I have recently returned from a 3 week visit to Canada, where my daughter gave birth to her second daughter. The delivery was a planned home birth – the first I had ever witnessed. And despite my initial reservations, I was thoroughly impressed. It was for me, of course, something of a busman’s holiday (spending time on holiday doing a lot of what I do in my working day) but also an opportunity to learn some new lessons and reinforce others. Here are some observations.
A recent review published by The Cochrane Library finds that consistent midwife care throughout pregnancy is linked with better outcomes for both the mother and her baby. The study didn’t look at home births but I was reminded of many of the findings by my daughter’s experience.
As a British trained health visitor, I am used to a midwifery care model, with doctors only being involved in antenatal care and deliveries if the mother is high risk or there are other concerns. 90% of births in the US are attended by doctors. In the private sector in Hong Kong, doctors ubiquitously provide antenatal care and delivery. The Hong Kong public sector follows the British model. However, the Cochrane study looked at women seeing “small teams of midwives or one primary midwife” and even this is quite different to what most women experience using the public sector midwifery care model.
Throughout my daughter’s pregnancy she saw the same 2 or 3 midwives. She was comfortable talking with them, able to call with problems during the pregnancy and felt at ease with them in her home for the delivery. More importantly my son-in-law who, to put it mildly, would best be described as “Type A personality” was also comfortable. Initially sceptical about a home birth, he met (or should I say, “interviewed”) the midwives in the early stages of the pregnancy. After spending time with them he quickly became confident in the midwives’ ability but would have still preferred a hospital birth right up until the actual event. As it turned out, when the midwives arrived promptly to his call that labour had begun, armed with bag-loads of equipment and a calm, confident but professional manner he felt completely reassured. He was so chilled and trusting in their skills that he actually spent time in his garden and pottering around the house. He is now a self-professed convert for home birth.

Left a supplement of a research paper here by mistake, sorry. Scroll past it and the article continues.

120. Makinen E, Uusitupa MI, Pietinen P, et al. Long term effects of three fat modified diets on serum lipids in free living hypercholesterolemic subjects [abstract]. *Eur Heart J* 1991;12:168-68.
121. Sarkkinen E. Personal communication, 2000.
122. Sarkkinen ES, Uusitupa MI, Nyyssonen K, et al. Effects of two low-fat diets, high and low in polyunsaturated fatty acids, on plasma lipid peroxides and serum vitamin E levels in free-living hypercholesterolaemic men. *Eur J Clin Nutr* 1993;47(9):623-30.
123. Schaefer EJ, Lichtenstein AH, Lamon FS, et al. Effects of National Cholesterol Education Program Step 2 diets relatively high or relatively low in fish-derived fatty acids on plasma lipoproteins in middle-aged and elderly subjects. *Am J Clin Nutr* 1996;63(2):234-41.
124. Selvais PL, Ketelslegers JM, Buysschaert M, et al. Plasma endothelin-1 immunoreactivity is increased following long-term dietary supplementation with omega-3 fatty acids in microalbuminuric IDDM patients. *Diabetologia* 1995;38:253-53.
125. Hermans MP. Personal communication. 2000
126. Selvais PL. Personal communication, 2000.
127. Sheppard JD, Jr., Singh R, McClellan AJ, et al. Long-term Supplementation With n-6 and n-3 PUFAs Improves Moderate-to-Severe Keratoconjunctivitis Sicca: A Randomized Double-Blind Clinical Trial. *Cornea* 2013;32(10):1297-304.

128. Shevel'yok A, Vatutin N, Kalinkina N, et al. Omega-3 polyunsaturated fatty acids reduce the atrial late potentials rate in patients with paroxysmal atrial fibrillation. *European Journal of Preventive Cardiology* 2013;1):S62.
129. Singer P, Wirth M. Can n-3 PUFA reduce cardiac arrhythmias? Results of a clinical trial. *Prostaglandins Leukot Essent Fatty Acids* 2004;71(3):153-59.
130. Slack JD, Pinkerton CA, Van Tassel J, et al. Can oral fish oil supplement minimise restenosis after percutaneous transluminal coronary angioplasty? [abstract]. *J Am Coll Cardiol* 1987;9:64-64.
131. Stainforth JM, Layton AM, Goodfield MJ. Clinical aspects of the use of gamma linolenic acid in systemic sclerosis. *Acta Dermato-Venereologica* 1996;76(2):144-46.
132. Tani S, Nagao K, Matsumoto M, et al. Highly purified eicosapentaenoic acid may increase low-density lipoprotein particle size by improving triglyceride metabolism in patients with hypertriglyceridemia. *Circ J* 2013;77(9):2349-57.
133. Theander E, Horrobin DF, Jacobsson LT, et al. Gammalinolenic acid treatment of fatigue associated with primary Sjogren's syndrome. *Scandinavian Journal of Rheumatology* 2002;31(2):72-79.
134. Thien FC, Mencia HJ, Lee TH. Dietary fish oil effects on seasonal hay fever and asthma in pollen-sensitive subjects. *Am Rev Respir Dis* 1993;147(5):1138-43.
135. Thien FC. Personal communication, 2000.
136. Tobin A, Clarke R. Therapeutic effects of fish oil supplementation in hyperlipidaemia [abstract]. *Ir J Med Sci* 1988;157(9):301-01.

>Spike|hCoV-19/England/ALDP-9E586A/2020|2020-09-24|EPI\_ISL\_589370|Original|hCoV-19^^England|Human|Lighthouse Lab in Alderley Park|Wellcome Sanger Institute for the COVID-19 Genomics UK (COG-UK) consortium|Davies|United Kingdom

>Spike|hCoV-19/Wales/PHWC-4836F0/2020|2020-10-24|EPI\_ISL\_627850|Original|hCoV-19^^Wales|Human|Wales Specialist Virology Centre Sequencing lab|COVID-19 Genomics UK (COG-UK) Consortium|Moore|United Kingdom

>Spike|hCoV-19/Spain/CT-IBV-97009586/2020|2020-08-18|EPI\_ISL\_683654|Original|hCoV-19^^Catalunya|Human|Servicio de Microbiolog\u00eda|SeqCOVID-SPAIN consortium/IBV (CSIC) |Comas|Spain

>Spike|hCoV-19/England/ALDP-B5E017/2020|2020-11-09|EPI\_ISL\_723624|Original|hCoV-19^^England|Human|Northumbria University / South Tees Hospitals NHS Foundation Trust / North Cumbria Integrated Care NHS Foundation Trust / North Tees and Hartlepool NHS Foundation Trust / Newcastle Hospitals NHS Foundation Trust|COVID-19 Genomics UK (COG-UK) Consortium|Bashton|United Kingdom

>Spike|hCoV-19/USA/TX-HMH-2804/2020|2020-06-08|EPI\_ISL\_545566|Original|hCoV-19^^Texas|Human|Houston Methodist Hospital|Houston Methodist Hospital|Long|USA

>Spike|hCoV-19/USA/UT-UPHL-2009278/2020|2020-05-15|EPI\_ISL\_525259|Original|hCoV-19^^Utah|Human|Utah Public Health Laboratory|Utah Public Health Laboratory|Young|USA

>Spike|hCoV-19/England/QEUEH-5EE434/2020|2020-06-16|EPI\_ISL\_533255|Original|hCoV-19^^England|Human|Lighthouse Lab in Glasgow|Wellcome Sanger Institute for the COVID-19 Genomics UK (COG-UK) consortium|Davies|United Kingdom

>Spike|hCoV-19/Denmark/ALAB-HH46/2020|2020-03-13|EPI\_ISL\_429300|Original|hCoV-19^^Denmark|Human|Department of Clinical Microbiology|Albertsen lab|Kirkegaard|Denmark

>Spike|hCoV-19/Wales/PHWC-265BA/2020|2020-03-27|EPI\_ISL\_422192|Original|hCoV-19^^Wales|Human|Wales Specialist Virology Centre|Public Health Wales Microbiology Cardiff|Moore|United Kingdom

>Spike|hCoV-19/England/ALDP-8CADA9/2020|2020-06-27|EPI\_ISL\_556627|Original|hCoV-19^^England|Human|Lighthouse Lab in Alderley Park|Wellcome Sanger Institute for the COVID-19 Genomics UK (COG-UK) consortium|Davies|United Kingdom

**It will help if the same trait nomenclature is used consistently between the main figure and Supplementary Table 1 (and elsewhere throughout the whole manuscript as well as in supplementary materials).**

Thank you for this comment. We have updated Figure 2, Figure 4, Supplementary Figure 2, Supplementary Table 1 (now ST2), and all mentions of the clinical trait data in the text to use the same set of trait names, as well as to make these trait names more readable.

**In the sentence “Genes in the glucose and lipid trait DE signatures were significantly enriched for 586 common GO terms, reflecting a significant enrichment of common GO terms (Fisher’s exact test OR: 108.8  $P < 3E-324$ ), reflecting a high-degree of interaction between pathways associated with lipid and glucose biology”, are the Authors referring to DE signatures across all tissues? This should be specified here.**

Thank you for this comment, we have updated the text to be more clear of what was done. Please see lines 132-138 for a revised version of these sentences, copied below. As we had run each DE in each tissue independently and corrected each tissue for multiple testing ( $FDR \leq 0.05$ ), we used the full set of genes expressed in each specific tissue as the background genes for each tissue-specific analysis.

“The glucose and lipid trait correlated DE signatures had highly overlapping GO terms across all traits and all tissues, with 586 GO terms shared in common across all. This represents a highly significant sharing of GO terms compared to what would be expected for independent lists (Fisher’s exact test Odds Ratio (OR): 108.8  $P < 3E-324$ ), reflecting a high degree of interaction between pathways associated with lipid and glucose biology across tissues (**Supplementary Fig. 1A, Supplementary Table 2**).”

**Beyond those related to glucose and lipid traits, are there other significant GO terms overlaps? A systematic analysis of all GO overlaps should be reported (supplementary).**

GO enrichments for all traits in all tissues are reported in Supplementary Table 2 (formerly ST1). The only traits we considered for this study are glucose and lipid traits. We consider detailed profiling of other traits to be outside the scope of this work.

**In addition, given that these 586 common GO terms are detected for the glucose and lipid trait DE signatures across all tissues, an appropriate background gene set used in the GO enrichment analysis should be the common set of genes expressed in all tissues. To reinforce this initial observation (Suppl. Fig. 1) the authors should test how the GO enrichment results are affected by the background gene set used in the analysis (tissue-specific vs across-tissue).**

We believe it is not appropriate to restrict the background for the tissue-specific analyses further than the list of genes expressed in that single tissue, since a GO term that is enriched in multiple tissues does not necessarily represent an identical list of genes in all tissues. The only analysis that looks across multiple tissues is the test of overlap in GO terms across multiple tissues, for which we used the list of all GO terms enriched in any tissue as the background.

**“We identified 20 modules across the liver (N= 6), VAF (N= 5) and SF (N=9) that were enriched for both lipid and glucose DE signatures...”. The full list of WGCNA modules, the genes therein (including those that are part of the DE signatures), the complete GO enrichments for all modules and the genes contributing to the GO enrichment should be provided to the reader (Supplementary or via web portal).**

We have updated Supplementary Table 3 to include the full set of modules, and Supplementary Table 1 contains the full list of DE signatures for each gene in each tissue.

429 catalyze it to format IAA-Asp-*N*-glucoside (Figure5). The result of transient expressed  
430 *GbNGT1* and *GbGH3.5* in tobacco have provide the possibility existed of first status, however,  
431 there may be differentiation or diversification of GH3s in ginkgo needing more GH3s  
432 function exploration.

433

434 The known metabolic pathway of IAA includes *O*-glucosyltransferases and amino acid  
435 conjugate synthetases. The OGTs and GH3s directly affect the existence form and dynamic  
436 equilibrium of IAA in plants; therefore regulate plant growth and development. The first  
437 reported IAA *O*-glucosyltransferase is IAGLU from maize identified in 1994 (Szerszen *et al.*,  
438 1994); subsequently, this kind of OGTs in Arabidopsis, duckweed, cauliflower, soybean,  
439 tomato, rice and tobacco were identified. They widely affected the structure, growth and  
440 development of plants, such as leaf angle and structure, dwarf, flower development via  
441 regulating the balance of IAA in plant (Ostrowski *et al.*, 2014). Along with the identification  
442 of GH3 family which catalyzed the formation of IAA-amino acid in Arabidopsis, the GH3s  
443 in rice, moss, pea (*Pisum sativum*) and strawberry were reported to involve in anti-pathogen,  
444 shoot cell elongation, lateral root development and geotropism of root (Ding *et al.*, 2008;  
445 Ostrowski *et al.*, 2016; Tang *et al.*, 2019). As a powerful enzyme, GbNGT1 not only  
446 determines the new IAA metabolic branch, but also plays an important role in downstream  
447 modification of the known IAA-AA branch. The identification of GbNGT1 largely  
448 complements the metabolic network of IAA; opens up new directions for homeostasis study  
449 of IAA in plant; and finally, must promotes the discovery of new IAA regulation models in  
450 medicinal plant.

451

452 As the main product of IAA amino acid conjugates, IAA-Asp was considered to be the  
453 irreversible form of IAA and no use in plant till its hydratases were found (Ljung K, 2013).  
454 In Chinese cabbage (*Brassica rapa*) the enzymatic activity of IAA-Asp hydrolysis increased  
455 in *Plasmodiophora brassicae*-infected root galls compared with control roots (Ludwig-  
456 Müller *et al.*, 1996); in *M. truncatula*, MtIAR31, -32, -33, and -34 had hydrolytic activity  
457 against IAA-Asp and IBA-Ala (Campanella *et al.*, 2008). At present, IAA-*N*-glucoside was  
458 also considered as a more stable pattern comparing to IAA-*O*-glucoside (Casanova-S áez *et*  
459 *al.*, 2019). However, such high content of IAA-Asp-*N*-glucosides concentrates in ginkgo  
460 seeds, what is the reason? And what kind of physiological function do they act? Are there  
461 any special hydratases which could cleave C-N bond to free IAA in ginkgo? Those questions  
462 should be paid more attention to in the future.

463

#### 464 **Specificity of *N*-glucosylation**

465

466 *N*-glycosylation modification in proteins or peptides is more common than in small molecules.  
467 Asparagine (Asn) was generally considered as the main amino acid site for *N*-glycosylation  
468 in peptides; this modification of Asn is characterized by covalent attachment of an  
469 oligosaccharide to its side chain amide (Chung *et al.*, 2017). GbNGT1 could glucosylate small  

The delivery was a very calm, almost social occasion. At no time were any voices raised. The care was professional, unhurried, filled with explanations and consultations. Nor did I feel like intervening or wish there was a doctor present. My daughter was completely confident in the skills and experience of her midwives and I am sure this trust enabled her to give birth, without drugs, safely and happily.
Back on familiar ground for me, you’d think that with my undivided, 24/7 attention breastfeeding would be a breeze for my daughter. But it wasn’t so. It was a sober reminder to me of just how much work is often involved. Eventually we got there but this intensive experience reminded me of the following key points:
- Patience, calmness and gentle handling. I quickly saw that the baby did a lot better without my intervention. Of course, many studies have shown this before but I now realise I have got to learn to sit on my hands and let the mum and baby do the latching! Far better to coach mum through this process.
- Focus is needed in the early weeks of feeding, not multi-tasking.
- Skin to skin contact is always rewarding.
- Small frequent and effective feeds are often better than marathon sessions.
- Swapping from one breast to the other several times during a feed often helps during fussy periods.
- Weighing too frequently is not good. Giving confidence and support is more important. Watching urinary output is a better way of monitoring.
- Pumping is hated (“Oh no mum! not pumping again”) and loved (“look how much milk I’m producing!”). It is, of course, much easier and better to bond with a baby than with a pump!
- Breastfeeding is so empowering.
That was me! I have discovered new respect for them. What a lot of scrubbing and sterilising, cooking meals only to be re-heated because the moment it was put on the table, the baby needed feeding! And mountains of laundry! I can see how people become a bit obsessive-compulsive when they have a baby – I took great delight in scrubbing every nook and cranny of the pumping equipment. It’s also quite a lonely role. I itched to be caring for the baby and cuddling her but I know that the support role is vitally important to enable the parents to enjoy and bond with their baby.
This was my biggest shock. I was very excited to be able to spend time with my 5 year old granddaughter and arrived with a bag bursting with treats, goodies and gifts. I envisaged us curling up together to read books or play with toys whilst her mum fed the baby and rested! But not so: she didn’t want me, she refused to allow me to bath her, she sulked if her dad was out of sight, she turned her nose up at my cooking (it’s not THAT bad) and preferred her mum choose her clothes and read stories. Worst of all, she warmly greeted her local Canadian grandma when she visited (grrrrrr!). I was devastated. It took one of the midwives to point out to me that it was perfectly understandable that she should react towards me like this: she was bound to feel unsettled and put-out with the arrival of the new baby and the changes it brought. And, of course, since I had recently arrived from Hong Kong, almost literally coincident with the baby, it was me she chose to blame for the massive change in her family. Of course, I had many times offered such explanations to my own clients but I thought I was special!
Thanks to Lydia, Ben, Elli and Lucinda for the privilege of sharing this special time.